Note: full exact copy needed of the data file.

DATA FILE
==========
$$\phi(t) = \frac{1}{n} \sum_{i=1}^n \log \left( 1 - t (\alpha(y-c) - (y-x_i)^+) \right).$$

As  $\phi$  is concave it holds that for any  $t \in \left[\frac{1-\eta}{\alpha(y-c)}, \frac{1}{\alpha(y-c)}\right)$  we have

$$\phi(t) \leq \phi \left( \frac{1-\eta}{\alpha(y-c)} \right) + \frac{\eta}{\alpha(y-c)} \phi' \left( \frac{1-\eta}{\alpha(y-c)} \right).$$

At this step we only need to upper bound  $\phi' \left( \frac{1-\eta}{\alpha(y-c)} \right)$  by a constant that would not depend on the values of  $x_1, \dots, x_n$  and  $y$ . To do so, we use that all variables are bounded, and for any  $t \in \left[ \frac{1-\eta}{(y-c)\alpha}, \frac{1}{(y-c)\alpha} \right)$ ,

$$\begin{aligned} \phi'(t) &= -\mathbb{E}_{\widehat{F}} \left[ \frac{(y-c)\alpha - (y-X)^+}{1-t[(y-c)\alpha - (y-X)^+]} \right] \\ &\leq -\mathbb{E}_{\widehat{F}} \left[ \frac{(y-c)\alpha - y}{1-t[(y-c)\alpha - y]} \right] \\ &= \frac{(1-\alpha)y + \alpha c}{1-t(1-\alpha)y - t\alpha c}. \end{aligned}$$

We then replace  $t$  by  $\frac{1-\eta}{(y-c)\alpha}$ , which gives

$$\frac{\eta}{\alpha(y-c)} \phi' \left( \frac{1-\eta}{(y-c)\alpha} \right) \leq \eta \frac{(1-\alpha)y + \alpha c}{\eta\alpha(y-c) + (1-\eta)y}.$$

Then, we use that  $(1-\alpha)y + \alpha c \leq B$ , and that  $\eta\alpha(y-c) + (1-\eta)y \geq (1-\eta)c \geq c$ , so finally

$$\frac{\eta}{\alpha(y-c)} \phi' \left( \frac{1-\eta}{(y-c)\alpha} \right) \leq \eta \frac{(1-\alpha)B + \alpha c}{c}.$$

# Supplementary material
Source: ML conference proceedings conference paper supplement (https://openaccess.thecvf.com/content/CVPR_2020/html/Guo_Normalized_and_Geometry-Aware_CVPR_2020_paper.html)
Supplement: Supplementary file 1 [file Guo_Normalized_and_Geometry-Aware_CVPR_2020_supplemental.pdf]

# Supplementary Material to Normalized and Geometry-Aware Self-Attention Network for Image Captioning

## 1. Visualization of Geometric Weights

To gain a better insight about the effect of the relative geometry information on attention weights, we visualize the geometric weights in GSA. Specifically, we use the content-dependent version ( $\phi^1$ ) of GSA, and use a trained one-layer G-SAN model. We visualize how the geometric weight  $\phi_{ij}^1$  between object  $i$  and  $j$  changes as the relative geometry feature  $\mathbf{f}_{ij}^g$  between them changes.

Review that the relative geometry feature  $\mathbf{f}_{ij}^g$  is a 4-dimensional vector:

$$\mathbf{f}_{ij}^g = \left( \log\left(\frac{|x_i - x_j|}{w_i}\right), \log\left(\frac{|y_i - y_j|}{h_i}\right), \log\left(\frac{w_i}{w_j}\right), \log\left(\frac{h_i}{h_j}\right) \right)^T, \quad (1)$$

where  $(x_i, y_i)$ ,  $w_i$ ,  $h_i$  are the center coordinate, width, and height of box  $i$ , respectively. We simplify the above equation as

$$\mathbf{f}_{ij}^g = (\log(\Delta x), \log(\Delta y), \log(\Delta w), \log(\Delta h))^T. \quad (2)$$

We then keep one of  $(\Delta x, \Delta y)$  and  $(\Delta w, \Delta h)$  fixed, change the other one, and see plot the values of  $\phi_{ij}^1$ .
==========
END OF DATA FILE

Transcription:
$$\phi(t) = \frac{1}{n} \sum_{i=1}^n \log \left( 1 - t (\alpha(y-c) - (y-x_i)^+) \right).$$

As  $\phi$  is concave it holds that for any  $t \in \left[\frac{1-\eta}{\alpha(y-c)}, \frac{1}{\alpha(y-c)}\right)$  we have

$$\phi(t) \leq \phi \left( \frac{1-\eta}{\alpha(y-c)} \right) + \frac{\eta}{\alpha(y-c)} \phi' \left( \frac{1-\eta}{\alpha(y-c)} \right).$$

At this step we only need to upper bound  $\phi' \left( \frac{1-\eta}{\alpha(y-c)} \right)$  by a constant that would not depend on the values of  $x_1, \dots, x_n$  and  $y$ . To do so, we use that all variables are bounded, and for any  $t \in \left[ \frac{1-\eta}{(y-c)\alpha}, \frac{1}{(y-c)\alpha} \right)$ ,

$$\begin{aligned} \phi'(t) &= -\mathbb{E}_{\widehat{F}} \left[ \frac{(y-c)\alpha - (y-X)^+}{1-t[(y-c)\alpha - (y-X)^+]} \right] \\ &\leq -\mathbb{E}_{\widehat{F}} \left[ \frac{(y-c)\alpha - y}{1-t[(y-c)\alpha - y]} \right] \\ &= \frac{(1-\alpha)y + \alpha c}{1-t(1-\alpha)y - t\alpha c}. \end{aligned}$$

We then replace  $t$  by  $\frac{1-\eta}{(y-c)\alpha}$ , which gives

$$\frac{\eta}{\alpha(y-c)} \phi' \left( \frac{1-\eta}{(y-c)\alpha} \right) \leq \eta \frac{(1-\alpha)y + \alpha c}{\eta\alpha(y-c) + (1-\eta)y}.$$

Then, we use that  $(1-\alpha)y + \alpha c \leq B$ , and that  $\eta\alpha(y-c) + (1-\eta)y \geq (1-\eta)c \geq c$ , so finally

$$\frac{\eta}{\alpha(y-c)} \phi' \left( \frac{1-\eta}{(y-c)\alpha} \right) \leq \eta \frac{(1-\alpha)B + \alpha c}{c}.$$

# Supplementary material
Source: ML conference proceedings conference paper supplement (https://openaccess.thecvf.com/content/CVPR_2020/html/Guo_Normalized_and_Geometry-Aware_CVPR_2020_paper.html)
Supplement: Supplementary file 1 [file Guo_Normalized_and_Geometry-Aware_CVPR_2020_supplemental.pdf]

# Supplementary Material to Normalized and Geometry-Aware Self-Attention Network for Image Captioning

## 1. Visualization of Geometric Weights

To gain a better insight about the effect of the relative geometry information on attention weights, we visualize the geometric weights in GSA. Specifically, we use the content-dependent version ( $\phi^1$ ) of GSA, and use a trained one-layer G-SAN model. We visualize how the geometric weight  $\phi_{ij}^1$  between object  $i$  and  $j$  changes as the relative geometry feature  $\mathbf{f}_{ij}^g$  between them changes.

Review that the relative geometry feature  $\mathbf{f}_{ij}^g$  is a 4-dimensional vector:

$$\mathbf{f}_{ij}^g = \left( \log\left(\frac{|x_i - x_j|}{w_i}\right), \log\left(\frac{|y_i - y_j|}{h_i}\right), \log\left(\frac{w_i}{w_j}\right), \log\left(\frac{h_i}{h_j}\right) \right)^T, \quad (1)$$

where  $(x_i, y_i)$ ,  $w_i$ ,  $h_i$  are the center coordinate, width, and height of box  $i$ , respectively. We simplify the above equation as

$$\mathbf{f}_{ij}^g = (\log(\Delta x), \log(\Delta y), \log(\Delta w), \log(\Delta h))^T. \quad (2)$$

We then keep one of  $(\Delta x, \Delta y)$  and  $(\Delta w, \Delta h)$  fixed, change the other one, and see plot the values of  $\phi_{ij}^1$ .